Happiness is only attained by the free will agreeing in its freedom to accord with the will of God.
We are accustomed in England to chalk in rolling downs, except where bitten into by the sea, but elsewhere it is riven and presents cliffs, and these cliffs are not at all like that of Shakespeare at Dover but overhang, where hard beds alternate with others that are friable.
Mankind progresses not smoothly, as by a sliding carpet ascent, but by rugged steps broken by gaps. He halts long on one stage before taking the next. Often he remains stationary, unable to form resolution to step forward - sometimes even has turned round and retrograded.
The love of Louis XVI for mechanical works is well known. He had a little workshop at Versailles where he amused himself making locks, assisted by Francois Gamain, to whom he was much attached and with whom he spent many hours in projecting and executing mechanical contrivances.
Incontestably, the great centres of population in the primeval ages were the chalklands, and next to them those of limestone. The chalk first, for it furnished man with flints, and the limestone next when he had learned to barter.
Brittany can hardly claim the attention of the tourist as a superlatively beautiful country. The way in which trees are clipped and tortured out of shape disfigures the sylvan landscape; and of mountain scenery, there is none.
The prime feature in Cornish geology is the upheaval of the granite, distorting, folding back, and altering the superincumbent beds.
English churchmen have long gazed with love on the primitive church as the ideal of Christian perfection, the Eden wherein the first fathers of their faith walked blameless before God and passionless towards each other.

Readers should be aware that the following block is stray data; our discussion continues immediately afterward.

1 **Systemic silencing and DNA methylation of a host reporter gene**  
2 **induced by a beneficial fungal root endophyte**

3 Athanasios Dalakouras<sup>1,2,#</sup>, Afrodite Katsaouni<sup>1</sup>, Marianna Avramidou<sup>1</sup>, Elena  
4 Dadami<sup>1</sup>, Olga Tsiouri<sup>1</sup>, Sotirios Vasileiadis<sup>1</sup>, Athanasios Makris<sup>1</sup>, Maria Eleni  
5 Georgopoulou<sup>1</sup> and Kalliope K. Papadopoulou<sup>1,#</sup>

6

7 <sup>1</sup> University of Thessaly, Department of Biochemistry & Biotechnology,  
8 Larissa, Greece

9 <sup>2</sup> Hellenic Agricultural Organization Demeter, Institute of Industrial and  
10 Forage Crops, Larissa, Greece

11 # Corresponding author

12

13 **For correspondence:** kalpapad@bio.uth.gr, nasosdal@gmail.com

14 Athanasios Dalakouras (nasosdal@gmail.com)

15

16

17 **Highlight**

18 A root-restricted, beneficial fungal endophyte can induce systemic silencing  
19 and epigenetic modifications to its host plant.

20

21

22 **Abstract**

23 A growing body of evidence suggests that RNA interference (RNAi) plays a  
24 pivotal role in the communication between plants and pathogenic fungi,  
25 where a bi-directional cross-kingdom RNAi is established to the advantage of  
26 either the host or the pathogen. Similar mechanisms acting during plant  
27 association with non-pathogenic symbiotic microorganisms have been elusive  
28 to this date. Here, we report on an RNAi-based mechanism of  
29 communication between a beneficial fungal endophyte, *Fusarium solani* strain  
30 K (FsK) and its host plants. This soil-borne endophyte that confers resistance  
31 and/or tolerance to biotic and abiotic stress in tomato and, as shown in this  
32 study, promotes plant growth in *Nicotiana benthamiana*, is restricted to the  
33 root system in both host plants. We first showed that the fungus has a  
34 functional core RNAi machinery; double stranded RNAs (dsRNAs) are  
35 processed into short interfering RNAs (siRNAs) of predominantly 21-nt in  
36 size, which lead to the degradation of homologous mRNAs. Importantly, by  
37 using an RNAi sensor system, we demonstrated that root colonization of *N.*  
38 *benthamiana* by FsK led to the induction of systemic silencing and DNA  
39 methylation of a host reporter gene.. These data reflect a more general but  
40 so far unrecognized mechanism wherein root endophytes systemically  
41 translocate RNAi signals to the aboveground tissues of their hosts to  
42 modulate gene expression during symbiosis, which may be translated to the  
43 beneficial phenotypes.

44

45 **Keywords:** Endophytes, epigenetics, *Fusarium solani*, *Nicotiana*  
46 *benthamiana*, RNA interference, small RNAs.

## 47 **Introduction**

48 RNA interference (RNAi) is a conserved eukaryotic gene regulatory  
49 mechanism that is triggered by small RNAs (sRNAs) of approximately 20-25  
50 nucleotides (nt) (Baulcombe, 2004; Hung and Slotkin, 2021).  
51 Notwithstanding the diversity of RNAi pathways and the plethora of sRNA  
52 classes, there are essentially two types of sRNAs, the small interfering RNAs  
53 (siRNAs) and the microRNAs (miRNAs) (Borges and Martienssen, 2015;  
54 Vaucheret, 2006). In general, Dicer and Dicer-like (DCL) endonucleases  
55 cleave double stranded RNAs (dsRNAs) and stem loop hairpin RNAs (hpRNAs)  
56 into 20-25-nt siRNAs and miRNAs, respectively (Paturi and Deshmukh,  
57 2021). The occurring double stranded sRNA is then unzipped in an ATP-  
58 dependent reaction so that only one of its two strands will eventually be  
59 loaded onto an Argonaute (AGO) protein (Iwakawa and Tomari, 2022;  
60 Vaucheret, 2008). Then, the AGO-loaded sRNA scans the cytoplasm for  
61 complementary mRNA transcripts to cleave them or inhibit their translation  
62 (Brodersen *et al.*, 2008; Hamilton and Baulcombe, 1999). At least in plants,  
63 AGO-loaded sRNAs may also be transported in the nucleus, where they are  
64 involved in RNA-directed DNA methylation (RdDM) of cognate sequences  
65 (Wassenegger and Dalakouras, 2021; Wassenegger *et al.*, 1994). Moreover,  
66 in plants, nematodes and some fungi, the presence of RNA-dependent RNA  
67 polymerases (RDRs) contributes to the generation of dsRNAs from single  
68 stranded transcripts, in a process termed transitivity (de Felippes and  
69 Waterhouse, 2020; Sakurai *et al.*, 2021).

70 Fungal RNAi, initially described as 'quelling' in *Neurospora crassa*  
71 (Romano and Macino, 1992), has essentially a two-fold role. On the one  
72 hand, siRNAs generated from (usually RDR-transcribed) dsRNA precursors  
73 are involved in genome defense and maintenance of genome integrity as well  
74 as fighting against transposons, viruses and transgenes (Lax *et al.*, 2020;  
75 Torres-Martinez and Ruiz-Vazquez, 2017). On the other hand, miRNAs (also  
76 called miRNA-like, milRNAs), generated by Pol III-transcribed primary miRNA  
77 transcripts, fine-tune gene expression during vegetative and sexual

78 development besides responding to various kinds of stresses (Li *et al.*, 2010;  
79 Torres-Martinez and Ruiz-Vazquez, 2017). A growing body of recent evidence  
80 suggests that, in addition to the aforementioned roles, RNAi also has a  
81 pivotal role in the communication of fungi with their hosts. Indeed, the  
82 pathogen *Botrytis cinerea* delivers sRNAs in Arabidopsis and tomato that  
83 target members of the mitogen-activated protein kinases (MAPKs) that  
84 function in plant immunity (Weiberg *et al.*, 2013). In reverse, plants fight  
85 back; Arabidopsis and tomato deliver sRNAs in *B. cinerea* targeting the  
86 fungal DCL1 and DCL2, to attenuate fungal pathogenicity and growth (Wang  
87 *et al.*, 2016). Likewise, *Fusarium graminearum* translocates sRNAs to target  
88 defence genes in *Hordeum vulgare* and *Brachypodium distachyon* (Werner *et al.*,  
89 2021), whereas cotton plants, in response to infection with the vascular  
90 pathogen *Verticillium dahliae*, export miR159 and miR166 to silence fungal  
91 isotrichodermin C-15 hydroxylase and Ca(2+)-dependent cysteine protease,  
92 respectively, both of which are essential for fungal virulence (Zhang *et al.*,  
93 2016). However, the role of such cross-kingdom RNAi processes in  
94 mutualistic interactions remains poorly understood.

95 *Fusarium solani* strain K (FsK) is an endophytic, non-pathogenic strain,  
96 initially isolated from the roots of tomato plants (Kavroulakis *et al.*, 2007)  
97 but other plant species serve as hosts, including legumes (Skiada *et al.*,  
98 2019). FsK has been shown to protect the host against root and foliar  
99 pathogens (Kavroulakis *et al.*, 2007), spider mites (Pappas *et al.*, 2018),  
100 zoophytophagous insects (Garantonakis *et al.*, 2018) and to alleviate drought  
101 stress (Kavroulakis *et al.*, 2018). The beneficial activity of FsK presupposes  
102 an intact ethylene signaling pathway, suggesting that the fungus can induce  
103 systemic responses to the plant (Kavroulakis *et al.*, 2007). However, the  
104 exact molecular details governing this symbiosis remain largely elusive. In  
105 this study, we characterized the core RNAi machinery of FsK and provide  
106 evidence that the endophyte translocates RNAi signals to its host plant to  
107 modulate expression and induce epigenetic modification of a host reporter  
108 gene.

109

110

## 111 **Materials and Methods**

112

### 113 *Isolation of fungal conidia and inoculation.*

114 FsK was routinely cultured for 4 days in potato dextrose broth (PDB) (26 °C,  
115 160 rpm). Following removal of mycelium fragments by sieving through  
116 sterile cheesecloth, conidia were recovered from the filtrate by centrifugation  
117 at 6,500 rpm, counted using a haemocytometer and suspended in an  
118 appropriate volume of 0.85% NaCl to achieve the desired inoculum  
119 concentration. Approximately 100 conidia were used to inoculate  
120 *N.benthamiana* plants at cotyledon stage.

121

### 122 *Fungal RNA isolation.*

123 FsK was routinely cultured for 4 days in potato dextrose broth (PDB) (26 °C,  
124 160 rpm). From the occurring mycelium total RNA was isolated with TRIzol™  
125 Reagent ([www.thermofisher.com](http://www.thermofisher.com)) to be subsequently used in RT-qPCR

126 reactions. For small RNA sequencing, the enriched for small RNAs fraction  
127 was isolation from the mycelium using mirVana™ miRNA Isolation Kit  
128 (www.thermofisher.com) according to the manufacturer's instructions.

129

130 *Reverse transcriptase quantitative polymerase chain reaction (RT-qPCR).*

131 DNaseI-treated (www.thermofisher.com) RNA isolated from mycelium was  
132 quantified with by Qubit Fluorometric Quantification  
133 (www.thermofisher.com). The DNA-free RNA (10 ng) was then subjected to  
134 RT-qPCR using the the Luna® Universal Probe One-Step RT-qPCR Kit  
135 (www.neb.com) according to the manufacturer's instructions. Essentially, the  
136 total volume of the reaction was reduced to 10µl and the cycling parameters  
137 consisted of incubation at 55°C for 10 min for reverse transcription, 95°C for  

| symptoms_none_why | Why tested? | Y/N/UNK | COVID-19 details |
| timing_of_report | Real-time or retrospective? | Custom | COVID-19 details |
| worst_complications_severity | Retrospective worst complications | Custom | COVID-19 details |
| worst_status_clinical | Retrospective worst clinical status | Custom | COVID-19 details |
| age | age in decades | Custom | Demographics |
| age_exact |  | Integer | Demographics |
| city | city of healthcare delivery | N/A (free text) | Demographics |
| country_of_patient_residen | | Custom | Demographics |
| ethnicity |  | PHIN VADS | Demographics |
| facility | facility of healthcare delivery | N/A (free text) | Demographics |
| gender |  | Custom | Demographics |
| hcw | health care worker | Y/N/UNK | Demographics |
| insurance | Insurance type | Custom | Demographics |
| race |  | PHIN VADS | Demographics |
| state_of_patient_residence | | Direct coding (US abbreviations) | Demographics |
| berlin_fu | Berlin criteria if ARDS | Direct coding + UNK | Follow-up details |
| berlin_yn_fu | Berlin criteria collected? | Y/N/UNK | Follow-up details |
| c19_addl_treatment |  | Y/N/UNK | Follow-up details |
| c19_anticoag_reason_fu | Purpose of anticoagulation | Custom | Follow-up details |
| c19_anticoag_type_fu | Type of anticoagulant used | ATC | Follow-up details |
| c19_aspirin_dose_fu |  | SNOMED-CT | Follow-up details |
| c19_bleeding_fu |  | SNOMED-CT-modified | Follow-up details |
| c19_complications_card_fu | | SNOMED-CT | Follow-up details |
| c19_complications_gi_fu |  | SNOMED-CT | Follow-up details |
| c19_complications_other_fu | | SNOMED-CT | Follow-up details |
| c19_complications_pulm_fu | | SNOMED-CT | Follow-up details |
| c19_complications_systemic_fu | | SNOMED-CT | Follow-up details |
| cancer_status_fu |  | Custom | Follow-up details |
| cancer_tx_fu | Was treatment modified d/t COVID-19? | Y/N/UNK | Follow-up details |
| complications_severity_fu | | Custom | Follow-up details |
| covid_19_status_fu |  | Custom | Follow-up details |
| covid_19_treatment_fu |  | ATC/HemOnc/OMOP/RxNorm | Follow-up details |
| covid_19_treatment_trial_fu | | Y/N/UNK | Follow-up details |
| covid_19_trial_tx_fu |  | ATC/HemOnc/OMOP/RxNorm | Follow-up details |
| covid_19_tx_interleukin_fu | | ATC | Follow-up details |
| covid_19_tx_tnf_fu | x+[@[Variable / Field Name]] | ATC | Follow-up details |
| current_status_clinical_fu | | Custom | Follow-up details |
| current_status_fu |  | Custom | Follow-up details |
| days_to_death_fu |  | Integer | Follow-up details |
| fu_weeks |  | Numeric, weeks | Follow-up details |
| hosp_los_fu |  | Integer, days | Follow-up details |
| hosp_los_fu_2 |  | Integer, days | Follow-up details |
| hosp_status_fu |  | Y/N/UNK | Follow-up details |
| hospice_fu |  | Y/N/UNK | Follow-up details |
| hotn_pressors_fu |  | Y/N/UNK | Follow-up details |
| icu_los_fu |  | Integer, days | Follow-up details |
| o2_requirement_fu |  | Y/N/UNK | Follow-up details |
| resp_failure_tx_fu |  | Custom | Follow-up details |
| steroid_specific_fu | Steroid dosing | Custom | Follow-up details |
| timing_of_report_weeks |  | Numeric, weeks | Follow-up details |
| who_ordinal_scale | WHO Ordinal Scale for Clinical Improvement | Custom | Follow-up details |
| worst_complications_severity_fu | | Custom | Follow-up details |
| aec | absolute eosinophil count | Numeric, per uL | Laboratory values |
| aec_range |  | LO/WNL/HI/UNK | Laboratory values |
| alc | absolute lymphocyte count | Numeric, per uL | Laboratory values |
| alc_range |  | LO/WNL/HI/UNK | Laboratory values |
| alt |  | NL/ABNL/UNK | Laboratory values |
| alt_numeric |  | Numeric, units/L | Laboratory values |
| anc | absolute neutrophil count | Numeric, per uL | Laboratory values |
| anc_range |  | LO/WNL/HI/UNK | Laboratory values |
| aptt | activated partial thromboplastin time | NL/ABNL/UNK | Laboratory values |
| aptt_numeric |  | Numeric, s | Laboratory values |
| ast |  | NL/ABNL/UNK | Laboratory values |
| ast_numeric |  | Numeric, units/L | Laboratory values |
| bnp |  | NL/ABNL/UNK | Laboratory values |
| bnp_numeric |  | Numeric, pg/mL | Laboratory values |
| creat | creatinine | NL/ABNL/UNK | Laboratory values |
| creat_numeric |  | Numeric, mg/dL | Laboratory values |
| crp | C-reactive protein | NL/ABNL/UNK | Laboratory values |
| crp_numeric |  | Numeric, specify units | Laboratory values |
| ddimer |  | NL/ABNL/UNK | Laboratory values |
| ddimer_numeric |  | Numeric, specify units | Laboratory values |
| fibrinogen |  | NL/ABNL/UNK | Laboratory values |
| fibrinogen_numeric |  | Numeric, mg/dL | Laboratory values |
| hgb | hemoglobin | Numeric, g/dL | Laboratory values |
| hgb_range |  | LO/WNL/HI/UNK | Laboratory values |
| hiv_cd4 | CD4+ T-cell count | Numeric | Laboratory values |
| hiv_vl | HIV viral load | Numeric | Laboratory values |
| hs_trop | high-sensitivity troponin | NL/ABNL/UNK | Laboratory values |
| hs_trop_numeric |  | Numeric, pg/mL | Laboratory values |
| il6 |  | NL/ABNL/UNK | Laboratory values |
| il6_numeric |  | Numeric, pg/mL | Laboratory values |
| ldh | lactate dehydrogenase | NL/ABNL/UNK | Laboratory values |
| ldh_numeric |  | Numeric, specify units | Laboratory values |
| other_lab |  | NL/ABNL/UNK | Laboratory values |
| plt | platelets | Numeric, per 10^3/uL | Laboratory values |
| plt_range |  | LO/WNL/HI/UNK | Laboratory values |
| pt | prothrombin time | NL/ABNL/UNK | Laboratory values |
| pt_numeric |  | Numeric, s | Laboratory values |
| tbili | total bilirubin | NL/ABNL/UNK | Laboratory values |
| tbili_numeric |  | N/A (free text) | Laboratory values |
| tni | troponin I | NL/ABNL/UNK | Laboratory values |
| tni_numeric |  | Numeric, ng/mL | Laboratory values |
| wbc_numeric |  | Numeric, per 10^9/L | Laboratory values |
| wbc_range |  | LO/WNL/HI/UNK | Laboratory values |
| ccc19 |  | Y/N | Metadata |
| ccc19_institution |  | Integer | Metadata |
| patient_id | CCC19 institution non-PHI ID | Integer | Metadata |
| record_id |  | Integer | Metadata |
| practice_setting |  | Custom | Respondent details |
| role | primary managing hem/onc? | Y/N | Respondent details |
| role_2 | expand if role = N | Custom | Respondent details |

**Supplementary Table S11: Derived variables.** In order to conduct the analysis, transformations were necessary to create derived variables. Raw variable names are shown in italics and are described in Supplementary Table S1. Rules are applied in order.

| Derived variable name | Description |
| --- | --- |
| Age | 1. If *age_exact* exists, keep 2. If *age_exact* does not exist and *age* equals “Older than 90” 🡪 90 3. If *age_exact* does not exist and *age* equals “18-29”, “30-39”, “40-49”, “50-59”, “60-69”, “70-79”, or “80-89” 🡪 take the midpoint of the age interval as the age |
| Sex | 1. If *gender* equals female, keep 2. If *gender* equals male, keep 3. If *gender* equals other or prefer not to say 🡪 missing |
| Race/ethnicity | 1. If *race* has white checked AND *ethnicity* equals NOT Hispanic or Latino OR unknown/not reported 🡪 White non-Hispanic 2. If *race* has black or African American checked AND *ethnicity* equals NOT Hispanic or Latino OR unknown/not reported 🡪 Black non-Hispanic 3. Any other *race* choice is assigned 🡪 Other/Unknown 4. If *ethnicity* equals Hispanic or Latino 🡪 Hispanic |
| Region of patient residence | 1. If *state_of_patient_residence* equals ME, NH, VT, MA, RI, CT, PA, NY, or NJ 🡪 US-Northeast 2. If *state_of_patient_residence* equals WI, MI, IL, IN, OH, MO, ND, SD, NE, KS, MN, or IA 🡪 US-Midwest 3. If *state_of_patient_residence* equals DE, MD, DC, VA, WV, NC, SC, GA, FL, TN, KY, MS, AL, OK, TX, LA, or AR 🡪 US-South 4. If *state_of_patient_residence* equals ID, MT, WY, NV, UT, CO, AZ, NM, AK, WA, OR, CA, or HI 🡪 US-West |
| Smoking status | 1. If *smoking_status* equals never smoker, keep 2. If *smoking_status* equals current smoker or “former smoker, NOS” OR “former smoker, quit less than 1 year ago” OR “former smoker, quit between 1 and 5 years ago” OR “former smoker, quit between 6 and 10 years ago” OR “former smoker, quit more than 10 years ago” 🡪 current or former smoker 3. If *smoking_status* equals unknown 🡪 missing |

In France, successive waves of Gaul, Visigoth, and Frank have swept over the land and have dominated it. But the fair hair and blue eyes and the clear skin of the conquering races have been submerged by the rising and overflow of the dusky blood of the original population.
Mediaeval mythology, rich and gorgeous, is a compound like Corinthian brass, into which many pure ores have been fused, or it is a full turbid river drawn from numerous feeders, which had their sources in remote climes.
In winter, the Icelanders told the tales of the brave men of old in their families, and so the tradition was handed on from father to son, the same stories told every winter, till all the particulars became well known.
The Welsh have everywhere adopted the Cymric tongue; they hug themselves in the belief that they are pure descendants of the ancient Britons, but in fact, they are rather Silurians than Celts.
The charm of Brittany is to be found in the people and in the churches. The former, with their peculiar costumes and their customs, are full of interest, and the latter are of remarkable beauty and quaintness.
The north coast of Brittany is eaten into bays from which the sea retreats to considerable distances, and is fringed with reefs and islands. It is a favourite resort of Parisians throughout its stretch, from Dinard to Plestin.
According to Celtic law, all sons equally divided the inheritance and principalities of their father.
The Celtic Church as we know it, till gradually brought under Roman discipline, was purely monastic. The monasteries were the centres whence the ministry of souls was exercised.
The tribal system from which the Celt never freed himself entirely was the curse of the Celtic race, predooming it to ruin.
The history of the Welsh, the Irish, the Highlanders, is just the same as that of the Gauls, one of internecine feud, no political cohesion, no capacity for merging private interests, forgetting private grudges for a patriotic cause.
History, whether sacred or profane, hides her teaching from those who study her through coloured glasses. She only reveals truth to those who look through the cold clear medium of passionless inquiry, who seek the Truth without determining first the masquerade in which alone they will receive it.
A family may be ruined by extravagance, but it is not always through ruin that the representatives in a family are to be found in humble or comparatively humble circumstances, but that the junior members of a gentle family went into trade.